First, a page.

As 'Workbasket' expanded their
subscription list, they also added to the articles offered in the
magazine; recipes sent in by readers, Junior Workbasket - crafts for the
kids, Women Who Make Cents - ideas for people to use at craft fairs, flower and garden tips for questions sent
in by the readers and instructions on the latest fad in crafts.They
listened to their readers and responded, which was part of their great
success. In my home, each issue was looked forward to eagerly each
month. The magazine, still digest sized, grew to over 80 pages for some issues with the addition of other advertisers and the new articles.
Browsing through the books in sequential order is a
trip into another world. The advertisements and articles show the
attitudes that were held in the 40s, 50s, 60s, etc. While at the time
there was nothing wrong with the way the ads were written, now they
would all be criticized for political incorrectness. Looking back on
them now can either give you the shudders or a good laugh depending upon
your attitude towards 'a woman's place'. These magazines were geared towards the woman staying in the home and supporting her family with good food, well made clothing and a comfortable home. Not quite the attitude we have today.
In the 90s Modern Handcraft publishing started to struggle. By now there were several entries in the craft magazine area and even though 'Workbasket' continued to move with the times to offer the new crafts as they hit the trend there were editorial decisions that didn't keep them on the cutting edge. The perception of the magazine was that it was your granny's or auntie's craft magazine. All the decades of 'a woman's place was in the home' articles had become synonymous with the magazine. In April, 1991 instead of publishing every month, they went to a bi-monthly schedule. They also started featuring current TV and Radio stars on the cover in an effort to compete with the other craft magazines on the magazine stands. But, it didn't work, in 1996 after the Feb/Mar issue had been sent out, 'Workbasket' magazine was sold to the KC Publishing Inc. company. The next issue that subscribers received was a 'Flower and Garden Crafts'. There was no advance notification of this change to the subscribers.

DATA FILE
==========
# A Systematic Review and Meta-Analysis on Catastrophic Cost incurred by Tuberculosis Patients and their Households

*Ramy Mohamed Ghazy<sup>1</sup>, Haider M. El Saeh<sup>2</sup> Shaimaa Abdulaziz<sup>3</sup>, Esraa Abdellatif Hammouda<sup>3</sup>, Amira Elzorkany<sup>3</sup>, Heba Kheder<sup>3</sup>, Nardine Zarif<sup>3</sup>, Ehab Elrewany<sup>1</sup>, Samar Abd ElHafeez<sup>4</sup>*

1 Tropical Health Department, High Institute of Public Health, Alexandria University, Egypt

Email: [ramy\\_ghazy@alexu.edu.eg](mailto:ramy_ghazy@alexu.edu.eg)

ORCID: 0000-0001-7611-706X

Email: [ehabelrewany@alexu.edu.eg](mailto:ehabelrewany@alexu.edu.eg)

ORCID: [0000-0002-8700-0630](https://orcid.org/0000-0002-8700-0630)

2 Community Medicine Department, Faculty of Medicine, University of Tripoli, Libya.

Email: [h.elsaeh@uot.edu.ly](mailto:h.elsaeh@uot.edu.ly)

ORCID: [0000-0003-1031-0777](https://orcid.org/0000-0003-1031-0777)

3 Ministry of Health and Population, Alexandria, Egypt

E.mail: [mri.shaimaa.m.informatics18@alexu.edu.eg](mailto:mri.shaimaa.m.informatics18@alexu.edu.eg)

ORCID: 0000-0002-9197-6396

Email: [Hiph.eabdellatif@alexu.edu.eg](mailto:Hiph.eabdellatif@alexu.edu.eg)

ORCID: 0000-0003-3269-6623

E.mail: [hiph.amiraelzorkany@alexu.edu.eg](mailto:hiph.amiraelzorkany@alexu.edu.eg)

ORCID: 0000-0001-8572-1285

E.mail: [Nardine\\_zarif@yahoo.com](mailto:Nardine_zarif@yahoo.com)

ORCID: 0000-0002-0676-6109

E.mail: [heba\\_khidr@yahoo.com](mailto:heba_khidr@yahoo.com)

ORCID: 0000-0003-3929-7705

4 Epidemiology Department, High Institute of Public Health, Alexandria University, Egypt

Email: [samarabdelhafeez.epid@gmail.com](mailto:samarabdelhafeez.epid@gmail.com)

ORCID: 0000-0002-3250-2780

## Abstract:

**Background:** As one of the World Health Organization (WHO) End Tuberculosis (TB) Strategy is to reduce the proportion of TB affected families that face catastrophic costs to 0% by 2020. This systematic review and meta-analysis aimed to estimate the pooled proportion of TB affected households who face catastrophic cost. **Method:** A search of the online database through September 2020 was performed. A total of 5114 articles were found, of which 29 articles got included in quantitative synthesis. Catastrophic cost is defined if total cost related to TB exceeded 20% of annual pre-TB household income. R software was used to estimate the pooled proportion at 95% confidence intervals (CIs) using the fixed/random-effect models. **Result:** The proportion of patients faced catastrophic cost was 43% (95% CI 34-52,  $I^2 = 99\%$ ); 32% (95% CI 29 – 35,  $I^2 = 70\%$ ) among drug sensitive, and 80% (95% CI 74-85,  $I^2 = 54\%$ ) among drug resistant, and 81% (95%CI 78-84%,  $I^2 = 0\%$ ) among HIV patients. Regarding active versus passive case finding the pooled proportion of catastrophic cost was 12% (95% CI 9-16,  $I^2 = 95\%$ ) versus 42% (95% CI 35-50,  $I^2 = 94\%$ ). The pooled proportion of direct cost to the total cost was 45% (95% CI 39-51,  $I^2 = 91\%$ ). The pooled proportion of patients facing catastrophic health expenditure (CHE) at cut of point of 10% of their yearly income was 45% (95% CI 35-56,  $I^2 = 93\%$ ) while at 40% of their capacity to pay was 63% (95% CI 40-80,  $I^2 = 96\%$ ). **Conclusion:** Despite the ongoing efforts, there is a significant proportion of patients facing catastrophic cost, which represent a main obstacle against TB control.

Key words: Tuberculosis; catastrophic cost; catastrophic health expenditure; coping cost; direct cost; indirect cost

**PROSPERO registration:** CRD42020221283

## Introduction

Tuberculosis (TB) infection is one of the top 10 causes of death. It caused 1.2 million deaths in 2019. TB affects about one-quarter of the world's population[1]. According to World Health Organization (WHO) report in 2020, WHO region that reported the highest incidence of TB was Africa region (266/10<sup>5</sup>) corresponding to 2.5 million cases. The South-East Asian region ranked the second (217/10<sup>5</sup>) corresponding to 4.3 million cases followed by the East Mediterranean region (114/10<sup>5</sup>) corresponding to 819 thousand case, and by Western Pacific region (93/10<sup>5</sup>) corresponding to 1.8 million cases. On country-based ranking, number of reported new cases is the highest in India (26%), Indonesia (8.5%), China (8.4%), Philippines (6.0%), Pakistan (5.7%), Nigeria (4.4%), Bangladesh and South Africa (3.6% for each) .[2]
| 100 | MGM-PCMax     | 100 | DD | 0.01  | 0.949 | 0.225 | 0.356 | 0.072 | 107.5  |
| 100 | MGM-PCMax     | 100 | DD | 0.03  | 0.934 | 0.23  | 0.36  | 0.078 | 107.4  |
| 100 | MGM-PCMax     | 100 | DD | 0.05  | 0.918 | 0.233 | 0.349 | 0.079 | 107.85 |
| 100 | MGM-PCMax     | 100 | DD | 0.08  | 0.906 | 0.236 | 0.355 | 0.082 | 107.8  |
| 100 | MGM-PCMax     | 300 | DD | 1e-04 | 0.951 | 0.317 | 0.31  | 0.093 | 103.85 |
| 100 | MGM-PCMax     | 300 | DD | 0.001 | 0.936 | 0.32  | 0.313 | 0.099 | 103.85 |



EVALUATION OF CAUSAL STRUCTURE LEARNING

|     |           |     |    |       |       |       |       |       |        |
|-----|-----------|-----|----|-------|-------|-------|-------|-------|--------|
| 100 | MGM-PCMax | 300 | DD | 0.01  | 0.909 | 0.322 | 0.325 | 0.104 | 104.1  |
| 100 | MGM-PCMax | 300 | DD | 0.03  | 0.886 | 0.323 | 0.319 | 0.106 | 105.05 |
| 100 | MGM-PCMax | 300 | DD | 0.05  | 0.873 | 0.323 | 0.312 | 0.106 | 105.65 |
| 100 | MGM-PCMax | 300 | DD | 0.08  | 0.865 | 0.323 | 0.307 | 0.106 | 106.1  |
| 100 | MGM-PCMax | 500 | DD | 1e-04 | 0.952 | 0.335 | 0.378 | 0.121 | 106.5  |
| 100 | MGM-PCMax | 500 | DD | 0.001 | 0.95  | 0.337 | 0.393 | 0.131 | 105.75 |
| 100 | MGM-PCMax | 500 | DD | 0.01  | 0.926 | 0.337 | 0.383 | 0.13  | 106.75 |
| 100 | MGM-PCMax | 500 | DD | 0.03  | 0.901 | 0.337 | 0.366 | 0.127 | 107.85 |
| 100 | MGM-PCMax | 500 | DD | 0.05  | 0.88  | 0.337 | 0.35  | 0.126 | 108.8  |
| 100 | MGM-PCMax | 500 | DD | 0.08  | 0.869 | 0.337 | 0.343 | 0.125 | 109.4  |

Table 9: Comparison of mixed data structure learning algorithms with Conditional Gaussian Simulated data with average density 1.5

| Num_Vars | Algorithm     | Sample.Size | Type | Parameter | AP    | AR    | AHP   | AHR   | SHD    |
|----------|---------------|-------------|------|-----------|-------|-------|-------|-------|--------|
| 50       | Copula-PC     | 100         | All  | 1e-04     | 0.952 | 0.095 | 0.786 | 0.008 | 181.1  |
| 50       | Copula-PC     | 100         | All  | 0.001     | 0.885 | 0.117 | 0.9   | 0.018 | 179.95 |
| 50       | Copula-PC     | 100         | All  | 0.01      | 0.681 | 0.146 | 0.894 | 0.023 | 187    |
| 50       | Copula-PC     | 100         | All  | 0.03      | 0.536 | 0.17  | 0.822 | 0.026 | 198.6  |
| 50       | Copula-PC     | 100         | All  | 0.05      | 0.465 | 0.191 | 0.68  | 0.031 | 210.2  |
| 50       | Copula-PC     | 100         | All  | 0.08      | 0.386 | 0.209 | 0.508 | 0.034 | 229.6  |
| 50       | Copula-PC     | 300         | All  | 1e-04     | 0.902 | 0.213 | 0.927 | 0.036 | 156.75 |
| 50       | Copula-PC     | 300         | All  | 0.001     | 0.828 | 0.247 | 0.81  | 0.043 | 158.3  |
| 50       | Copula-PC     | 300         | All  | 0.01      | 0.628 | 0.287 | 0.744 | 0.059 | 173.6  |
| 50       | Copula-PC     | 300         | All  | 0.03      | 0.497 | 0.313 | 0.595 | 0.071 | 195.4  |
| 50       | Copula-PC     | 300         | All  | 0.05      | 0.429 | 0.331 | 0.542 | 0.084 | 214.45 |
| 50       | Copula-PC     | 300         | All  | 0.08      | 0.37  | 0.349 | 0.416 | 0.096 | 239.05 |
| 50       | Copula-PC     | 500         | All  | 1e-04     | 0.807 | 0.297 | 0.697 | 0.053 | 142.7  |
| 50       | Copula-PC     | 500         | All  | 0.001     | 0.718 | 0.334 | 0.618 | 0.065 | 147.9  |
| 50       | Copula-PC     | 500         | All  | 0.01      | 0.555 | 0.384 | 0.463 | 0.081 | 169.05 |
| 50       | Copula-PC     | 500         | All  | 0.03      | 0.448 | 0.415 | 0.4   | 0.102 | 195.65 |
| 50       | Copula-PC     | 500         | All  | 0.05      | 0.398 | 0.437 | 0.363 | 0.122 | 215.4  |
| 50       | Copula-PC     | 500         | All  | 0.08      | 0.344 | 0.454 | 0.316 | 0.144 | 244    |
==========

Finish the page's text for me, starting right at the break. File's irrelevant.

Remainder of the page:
After 671 issues of a
darn fine magazine, it just disappeared. You'll find information on the
Net that tells you of the different incarnations that the magazine went
through after that and who owns it now after it's been sold more than
once. But that's not the 'Workbasket'. The last 'Workbasket' issue was
published in March, 1996 and it still had the same quality craft
patterns in it that were there at the beginning in 1935. Not too many
companies can have a 61 year track record with that kind of quality.